Vancouver-based Sitka Biopharma Inc. said it is moving into the early-phase clinical trials for an experimental treatment for bladder cancer following the third and final tranche of a $2.4 million seed investment from Quark Ventures.
The early phase clinical trial under an agreement signed earlier between Cancer Research UK and Cancer Research Technology (CRT), the charity’s commercial arm, and Sitka, a spin-off of The Centre for Drug Research and Development (CDRD) and the University of British Columbia (UBC), financed by Quark Venture.
“As our major investor at the outset, Quark Venture’s foresight and support have been a key factor in advancing our technology platform to clinical trials in bladder cancer,” said Dr. Michael Parr, Sitka Biopharma’s president, and chief scientific officer. “The final $900,000 investment will be used to support initial clinical trials including completion of GMP manufacturing and GLP studies that support the Clinical Trials Application submission.”
The new treatment called STK-01 is being developed to improve delivery of chemotherapy for non-muscle invasive bladder cancer (NMIBC), in patients whose tumour has not yet penetrated into the muscle layer of the bladder wall.
Standard treatment for NMIBC involves removal of the tumour followed by intravesical therapies (delivered by catheter directly into the bladder) to eliminate residual disease and prevent recurrence and progression. STK-01 uses a unique nanoparticle polymer technology to deliver the chemotherapy drug docetaxel.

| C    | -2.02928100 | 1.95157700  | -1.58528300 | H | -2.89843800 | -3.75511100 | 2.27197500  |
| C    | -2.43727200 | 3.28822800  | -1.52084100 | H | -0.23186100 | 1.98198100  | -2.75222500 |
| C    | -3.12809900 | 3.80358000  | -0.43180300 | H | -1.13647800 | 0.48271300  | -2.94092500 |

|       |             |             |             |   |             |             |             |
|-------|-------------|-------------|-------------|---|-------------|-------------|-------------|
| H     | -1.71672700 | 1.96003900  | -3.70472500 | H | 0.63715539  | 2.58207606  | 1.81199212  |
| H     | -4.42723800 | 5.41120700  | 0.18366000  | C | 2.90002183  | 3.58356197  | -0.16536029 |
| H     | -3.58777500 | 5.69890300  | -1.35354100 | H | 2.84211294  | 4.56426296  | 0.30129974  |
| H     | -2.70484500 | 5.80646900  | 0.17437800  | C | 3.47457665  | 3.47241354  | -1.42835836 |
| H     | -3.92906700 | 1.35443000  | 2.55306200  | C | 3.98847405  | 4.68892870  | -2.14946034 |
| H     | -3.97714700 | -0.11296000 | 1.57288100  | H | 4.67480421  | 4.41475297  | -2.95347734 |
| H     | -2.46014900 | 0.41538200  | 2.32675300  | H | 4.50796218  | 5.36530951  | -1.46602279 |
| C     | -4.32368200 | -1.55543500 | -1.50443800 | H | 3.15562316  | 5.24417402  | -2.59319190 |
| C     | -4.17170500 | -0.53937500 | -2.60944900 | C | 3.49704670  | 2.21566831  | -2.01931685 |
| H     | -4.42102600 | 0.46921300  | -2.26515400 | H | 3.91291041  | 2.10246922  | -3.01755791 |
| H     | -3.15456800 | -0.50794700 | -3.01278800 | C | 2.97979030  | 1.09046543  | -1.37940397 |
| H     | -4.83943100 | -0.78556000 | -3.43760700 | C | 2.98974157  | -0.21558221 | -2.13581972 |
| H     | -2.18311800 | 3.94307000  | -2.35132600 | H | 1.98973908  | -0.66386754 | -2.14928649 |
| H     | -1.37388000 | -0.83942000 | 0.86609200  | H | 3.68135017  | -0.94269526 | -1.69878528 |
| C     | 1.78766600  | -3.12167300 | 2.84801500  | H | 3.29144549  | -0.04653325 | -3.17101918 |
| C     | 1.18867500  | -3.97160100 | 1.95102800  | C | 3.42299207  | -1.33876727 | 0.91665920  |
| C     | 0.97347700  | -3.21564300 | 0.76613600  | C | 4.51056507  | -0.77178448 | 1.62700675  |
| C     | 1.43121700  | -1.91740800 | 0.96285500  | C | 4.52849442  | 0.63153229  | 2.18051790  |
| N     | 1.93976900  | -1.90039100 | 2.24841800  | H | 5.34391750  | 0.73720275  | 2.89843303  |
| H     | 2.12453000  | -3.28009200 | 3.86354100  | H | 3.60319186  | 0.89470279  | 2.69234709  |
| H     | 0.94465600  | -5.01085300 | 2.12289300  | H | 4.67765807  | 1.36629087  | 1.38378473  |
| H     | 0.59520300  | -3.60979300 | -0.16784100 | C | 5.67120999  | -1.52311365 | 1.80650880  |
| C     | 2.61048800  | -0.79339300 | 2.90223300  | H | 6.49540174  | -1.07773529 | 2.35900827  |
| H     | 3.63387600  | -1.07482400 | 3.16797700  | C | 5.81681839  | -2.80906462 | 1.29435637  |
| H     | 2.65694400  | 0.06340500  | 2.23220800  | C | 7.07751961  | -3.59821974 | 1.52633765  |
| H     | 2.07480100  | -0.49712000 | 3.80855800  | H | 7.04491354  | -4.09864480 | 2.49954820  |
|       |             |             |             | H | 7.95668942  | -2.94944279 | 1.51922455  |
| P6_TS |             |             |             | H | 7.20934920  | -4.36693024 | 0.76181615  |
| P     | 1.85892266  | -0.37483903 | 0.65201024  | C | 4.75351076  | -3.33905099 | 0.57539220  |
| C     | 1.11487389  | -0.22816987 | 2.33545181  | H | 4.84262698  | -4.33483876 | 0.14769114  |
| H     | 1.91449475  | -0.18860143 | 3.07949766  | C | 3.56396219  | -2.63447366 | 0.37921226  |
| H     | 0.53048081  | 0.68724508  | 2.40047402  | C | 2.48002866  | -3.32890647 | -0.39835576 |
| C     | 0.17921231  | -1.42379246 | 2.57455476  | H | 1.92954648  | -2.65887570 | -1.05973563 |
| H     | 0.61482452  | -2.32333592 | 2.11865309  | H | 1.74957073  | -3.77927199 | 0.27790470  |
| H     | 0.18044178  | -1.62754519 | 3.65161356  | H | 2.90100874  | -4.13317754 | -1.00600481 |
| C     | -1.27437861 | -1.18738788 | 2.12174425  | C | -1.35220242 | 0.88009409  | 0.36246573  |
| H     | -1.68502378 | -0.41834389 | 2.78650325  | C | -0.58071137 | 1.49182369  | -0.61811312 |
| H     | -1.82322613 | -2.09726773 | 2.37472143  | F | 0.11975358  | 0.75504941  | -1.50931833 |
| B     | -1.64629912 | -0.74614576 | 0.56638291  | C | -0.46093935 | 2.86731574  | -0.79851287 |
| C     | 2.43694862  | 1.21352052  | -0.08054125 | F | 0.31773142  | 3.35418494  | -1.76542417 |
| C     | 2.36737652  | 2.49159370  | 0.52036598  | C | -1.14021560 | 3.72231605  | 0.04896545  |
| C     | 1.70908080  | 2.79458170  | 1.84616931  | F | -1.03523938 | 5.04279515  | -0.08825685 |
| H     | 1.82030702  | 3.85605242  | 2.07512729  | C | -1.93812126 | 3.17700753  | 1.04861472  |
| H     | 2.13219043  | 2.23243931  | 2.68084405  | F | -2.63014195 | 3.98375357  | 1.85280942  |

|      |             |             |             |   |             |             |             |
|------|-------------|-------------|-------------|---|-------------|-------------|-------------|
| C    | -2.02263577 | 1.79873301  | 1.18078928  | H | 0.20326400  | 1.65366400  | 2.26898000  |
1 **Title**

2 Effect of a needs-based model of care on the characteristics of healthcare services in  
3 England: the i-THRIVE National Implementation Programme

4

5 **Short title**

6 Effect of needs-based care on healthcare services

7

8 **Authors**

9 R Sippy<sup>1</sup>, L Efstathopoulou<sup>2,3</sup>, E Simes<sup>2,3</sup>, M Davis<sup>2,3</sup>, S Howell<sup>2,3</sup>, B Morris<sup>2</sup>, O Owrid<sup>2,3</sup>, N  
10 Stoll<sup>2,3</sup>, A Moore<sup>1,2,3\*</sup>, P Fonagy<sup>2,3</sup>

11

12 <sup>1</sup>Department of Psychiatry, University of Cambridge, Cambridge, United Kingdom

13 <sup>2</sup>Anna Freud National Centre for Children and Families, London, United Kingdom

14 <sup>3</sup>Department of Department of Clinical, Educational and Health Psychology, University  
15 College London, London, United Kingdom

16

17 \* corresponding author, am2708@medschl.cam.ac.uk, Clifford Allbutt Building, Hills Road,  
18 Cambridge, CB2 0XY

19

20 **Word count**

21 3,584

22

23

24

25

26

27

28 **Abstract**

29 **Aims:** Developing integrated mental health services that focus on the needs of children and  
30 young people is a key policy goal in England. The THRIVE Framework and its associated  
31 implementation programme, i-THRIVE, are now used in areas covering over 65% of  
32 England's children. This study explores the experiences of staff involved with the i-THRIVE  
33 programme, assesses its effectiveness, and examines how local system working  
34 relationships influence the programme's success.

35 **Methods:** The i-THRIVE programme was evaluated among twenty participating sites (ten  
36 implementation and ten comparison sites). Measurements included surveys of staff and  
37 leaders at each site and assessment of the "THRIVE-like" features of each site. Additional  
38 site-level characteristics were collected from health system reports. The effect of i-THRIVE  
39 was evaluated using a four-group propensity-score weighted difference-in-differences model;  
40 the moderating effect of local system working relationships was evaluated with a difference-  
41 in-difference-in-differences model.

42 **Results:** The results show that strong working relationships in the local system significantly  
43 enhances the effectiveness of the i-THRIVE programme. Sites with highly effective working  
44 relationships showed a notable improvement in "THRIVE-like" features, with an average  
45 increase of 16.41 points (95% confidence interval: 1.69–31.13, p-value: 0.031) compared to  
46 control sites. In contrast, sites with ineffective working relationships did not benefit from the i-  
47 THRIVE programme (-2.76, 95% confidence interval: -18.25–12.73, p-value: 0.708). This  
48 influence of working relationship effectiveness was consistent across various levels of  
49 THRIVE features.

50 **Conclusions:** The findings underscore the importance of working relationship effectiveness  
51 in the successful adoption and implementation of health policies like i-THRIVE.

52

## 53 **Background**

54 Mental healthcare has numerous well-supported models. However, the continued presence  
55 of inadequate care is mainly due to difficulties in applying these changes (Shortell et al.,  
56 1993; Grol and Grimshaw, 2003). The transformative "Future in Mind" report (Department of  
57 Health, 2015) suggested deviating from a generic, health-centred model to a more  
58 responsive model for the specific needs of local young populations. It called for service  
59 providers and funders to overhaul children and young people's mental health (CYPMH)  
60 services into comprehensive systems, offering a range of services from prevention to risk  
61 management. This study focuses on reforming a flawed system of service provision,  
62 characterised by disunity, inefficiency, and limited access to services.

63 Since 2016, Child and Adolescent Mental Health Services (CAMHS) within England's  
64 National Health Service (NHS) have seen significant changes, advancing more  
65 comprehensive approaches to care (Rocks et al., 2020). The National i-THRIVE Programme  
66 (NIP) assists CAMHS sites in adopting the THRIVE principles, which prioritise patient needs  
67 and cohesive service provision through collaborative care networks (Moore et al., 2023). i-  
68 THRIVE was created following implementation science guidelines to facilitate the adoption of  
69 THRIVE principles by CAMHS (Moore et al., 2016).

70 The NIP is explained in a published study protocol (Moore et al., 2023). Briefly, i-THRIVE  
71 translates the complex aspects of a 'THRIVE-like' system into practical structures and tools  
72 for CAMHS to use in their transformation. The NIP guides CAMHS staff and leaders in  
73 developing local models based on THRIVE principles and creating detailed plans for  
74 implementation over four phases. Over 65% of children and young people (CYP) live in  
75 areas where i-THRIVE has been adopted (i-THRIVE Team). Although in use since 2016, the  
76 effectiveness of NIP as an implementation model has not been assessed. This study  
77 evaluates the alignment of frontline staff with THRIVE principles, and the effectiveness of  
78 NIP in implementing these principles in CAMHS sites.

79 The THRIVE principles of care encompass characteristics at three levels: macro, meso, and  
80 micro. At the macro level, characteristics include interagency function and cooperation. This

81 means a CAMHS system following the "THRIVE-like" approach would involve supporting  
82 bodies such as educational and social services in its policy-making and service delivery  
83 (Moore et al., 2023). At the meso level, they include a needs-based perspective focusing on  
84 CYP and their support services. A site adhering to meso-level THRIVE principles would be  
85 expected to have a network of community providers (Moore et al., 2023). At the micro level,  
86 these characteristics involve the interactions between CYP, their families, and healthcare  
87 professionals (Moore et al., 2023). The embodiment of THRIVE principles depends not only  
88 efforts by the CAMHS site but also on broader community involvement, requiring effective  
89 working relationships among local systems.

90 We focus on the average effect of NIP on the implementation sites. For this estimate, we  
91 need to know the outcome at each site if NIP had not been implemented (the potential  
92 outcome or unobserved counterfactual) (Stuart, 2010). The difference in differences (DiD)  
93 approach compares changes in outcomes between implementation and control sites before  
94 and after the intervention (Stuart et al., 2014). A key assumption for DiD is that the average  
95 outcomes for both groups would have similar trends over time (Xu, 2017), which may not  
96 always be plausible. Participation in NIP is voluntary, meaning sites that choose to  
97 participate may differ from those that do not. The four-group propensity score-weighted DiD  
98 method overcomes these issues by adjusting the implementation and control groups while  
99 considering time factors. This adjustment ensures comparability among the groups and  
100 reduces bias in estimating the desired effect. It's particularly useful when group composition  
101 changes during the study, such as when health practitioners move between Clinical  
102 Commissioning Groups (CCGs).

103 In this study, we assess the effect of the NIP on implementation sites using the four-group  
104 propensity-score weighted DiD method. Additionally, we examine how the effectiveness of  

Docetaxel is an effective chemotherapy drug but it can be difficult to deliver enough of the drug to the bladder to treat the cancer. STK-01 may overcome this resulting in the tumour being exposed to much higher levels of the drug. In preclinical studies STK-01 has been shown to greatly enhance docetaxel penetration and retention in the bladder wall, and is extremely effective at eliminating tumours in mouse models.
Under the agreement, Cancer Research UK and Sitka will share the cost of the development and production of STK-01 for the clinic. Cancer Research UK’s Centre for Drug Development (CDD) will then fund and manage a Phase I clinical trial of STK-01 in bladder cancer patients, to evaluate drug safety, toxicity, drug delivery and how it compares with giving docetaxel alone.
The trial will take place across the Experimental Cancer Medicine Centres (ECMC) network, a nationwide initiative funded by Cancer Research UK and the UK’s four Health Departments.
“More than 5,000 people die from bladder cancer each year in the UK and we urgently need to find new and better ways to treat patients,” said Dr. Nigel Blackburn, Cancer Research UK’s director of drug development . “We hope this experimental approach will improve survival for patients with the invasive disease by increasing the amount of chemotherapy that can reach the tumour.”
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